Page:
Citizens will not be forced to pay more than is necessary for the goods and services they buy because of direct or indirect tariffs, nor will anything be taken away from them to encourage their neighbors' exports — or to pay a penalty for wanting to export something themselves.
They will not be robbed in order to reward irresponsible bankers for the losses incurred by a financial institution through credit given to government cronies, nor will they be constrained by any law as seekers of credit or as investors who want to move money into or out of the country.
They will not face restrictions as providers of financial services, such as having to place reserves in the central bank or suffering the consequences of open market operations aimed at influencing rates, being constrained from setting interest rates according to choice or having to comply with forced, ever-changing levels of fractional reserves.
They will not suffer expropriation in order to subsidize the investments of others, nor will they face barriers to entry, subtle or unsubtle, in any legal activity whatsoever, or impediments to obtaining and freely disposing of profits.
Those who already participate in agriculture, industry, commerce and any service activity, including the utilities, education and all other sensitive areas, will not be able to stop them — by any direct or indirect legal mandate originating in the political system — from entering or exiting the field if they wish in order to compete with existing producers in the pursuit of consumer interest or to bow out.
Likewise, professional associations will not usurp the role of the courts by preventing people, with the use of political norms and laws, from engaging in any profession.
Money will not be stolen from people in order to support organized labor against their wishes, and the people will be able to determine wages and other employment benefits through direct private contract with employers should they wish to.
In that way, sustained institutional frameworks guaranteeing freedom can engender a cultural evolution toward those values that today seem to distance Latin Americans from free-market capitalism.
The repeal of thousands of laws and norms, as well as the transformation of the very nature of the law, will lower what economists call transaction costs. It would also offer a sense of security beyond anything Latin American citizens have witnessed.
I am skeptical of figures that anticipate the infinite choices of free individuals, but there is no question that liberty will beget prosperity. There are those who say, for instance, that a flat income tax of 10% (something I am not advocating) would increase tax revenue by 4% of GDP. Taking into account that much of the underground economy would turn legal, it could even rise perhaps by 7%.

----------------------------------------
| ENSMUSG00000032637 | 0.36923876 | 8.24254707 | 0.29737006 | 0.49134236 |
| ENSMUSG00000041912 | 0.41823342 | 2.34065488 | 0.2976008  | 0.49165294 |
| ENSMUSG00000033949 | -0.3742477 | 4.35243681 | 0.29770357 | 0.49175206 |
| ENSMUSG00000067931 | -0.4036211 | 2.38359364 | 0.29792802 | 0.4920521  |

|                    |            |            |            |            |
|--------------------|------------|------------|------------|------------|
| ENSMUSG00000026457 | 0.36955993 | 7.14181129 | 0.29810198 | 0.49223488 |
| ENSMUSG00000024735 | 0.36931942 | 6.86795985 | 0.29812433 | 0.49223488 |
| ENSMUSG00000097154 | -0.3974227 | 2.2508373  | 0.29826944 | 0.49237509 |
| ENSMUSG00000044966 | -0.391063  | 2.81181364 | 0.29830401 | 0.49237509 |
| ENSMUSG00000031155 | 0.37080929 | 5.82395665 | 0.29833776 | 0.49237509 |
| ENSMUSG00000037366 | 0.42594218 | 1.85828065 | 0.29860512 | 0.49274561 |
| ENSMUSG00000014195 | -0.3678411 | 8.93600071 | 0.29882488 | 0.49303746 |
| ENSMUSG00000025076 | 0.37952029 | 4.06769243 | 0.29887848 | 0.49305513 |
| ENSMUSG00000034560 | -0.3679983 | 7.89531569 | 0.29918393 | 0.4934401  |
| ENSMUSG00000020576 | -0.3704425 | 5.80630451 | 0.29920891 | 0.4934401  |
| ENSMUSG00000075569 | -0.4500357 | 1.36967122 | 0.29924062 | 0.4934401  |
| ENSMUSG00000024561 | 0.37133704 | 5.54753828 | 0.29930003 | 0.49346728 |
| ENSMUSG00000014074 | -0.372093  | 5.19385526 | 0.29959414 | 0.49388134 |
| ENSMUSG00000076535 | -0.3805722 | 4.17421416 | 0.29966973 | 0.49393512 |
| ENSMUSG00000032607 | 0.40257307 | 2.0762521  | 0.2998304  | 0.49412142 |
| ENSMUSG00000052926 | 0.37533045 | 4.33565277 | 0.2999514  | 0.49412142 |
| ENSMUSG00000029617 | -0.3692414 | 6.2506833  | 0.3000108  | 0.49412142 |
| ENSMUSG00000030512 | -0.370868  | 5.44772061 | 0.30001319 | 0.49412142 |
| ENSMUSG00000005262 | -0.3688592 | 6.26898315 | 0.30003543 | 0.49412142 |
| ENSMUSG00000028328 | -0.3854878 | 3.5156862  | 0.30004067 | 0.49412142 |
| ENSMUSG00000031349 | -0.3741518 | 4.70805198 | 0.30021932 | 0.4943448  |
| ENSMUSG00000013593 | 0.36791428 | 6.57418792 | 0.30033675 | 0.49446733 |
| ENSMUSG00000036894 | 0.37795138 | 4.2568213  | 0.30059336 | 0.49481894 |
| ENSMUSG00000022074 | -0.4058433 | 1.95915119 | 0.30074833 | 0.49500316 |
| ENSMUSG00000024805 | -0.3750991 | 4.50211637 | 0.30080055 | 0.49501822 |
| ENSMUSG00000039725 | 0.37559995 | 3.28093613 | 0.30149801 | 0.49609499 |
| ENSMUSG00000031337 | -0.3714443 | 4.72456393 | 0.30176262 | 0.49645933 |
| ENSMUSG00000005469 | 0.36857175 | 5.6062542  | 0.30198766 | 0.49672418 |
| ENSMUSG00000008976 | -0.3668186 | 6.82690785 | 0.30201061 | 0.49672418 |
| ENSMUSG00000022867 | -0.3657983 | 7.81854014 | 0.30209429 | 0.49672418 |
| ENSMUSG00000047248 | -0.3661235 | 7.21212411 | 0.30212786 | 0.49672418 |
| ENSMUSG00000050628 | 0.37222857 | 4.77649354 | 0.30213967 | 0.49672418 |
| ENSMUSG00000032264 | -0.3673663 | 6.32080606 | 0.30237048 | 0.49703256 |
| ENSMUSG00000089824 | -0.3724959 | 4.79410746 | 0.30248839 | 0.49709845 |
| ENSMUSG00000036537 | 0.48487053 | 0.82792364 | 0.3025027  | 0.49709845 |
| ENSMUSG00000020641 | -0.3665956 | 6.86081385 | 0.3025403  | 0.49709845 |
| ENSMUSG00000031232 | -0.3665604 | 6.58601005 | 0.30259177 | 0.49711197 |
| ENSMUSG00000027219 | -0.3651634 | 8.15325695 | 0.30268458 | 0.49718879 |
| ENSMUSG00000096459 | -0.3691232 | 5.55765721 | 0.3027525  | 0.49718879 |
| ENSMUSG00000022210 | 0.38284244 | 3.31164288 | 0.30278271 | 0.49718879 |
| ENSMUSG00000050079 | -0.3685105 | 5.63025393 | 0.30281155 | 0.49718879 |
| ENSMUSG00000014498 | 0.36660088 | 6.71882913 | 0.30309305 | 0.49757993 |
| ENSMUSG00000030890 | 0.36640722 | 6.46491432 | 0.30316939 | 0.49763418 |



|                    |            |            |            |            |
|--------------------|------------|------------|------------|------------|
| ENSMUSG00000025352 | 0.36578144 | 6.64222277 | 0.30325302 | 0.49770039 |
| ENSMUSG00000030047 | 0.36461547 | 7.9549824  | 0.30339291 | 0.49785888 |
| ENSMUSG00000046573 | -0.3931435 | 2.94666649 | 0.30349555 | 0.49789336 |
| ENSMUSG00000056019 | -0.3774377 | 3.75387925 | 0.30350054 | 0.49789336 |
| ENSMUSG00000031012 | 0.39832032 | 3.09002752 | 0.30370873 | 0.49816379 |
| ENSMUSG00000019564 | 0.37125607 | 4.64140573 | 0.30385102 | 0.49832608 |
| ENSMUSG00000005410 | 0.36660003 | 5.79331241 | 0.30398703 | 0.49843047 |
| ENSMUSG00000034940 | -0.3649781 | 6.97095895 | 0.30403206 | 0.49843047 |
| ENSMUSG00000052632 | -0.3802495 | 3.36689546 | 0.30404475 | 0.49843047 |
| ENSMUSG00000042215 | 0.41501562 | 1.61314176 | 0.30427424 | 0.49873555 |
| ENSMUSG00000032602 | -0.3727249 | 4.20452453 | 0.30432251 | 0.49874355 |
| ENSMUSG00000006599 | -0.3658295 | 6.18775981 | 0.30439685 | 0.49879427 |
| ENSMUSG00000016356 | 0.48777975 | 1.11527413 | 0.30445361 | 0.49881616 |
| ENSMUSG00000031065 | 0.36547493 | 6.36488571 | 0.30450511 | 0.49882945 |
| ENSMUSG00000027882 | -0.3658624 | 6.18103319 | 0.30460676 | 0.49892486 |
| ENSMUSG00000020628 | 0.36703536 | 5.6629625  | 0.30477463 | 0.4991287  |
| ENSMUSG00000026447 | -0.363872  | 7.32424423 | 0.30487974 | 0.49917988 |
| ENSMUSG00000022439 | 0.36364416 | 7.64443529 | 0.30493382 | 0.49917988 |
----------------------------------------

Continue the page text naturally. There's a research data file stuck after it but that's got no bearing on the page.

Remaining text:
There are those who maintain that, with the end of the system that forces millions of people to do business illegally, Peru could see the size of its economy grow by more than 50%.
These figures sound perfectly reasonable, as would any others that prognosticate a huge increase in the amount of wealth created after the liberation of Latin America.
The effect of taking corporatism, state mercantilism, privilege, wealth transfer and political law out of the legal system would be the immediate end of second-class citizenship, the condition shared by millions of Latin Americans.
Incorporating a business involves two procedures, two working days and negligible costs in Canada. But it involves 40 procedures, 82 working days and more than two and a half times the per capita rate of GDP in Bolivia. Clearly, if the cost of doing business legally was reduced, friendly transaction costs and increased security would expand wealth beyond the imagination even of enthusiastic economists who like to anticipate figures.
The liberation of the British from the restrictive corn laws in the mid-19th century turned that country into an economic power house. There is no telling what wonders the liberation of Latin Americans from a million corn laws would do.
Adapted from “Liberty for Latin America: How to Undo Five Hundred Years for State Oppression” by Alvaro Vargas Llosa, published in 2005 by Farrar, Strauss and Giroux.
Alvaro Vargas Llosa
Senior Fellow and Director of the Center on Global Prosperity, Independence Institute Alvaro Vargas Llosa is a Senior Fellow and director of The Center on Global Prosperity at the Independent Institute in Oakland, California. Previously, he was the op-ed page editor and a columnist at the “Miami Herald” and a contributor to the “Wall Street […]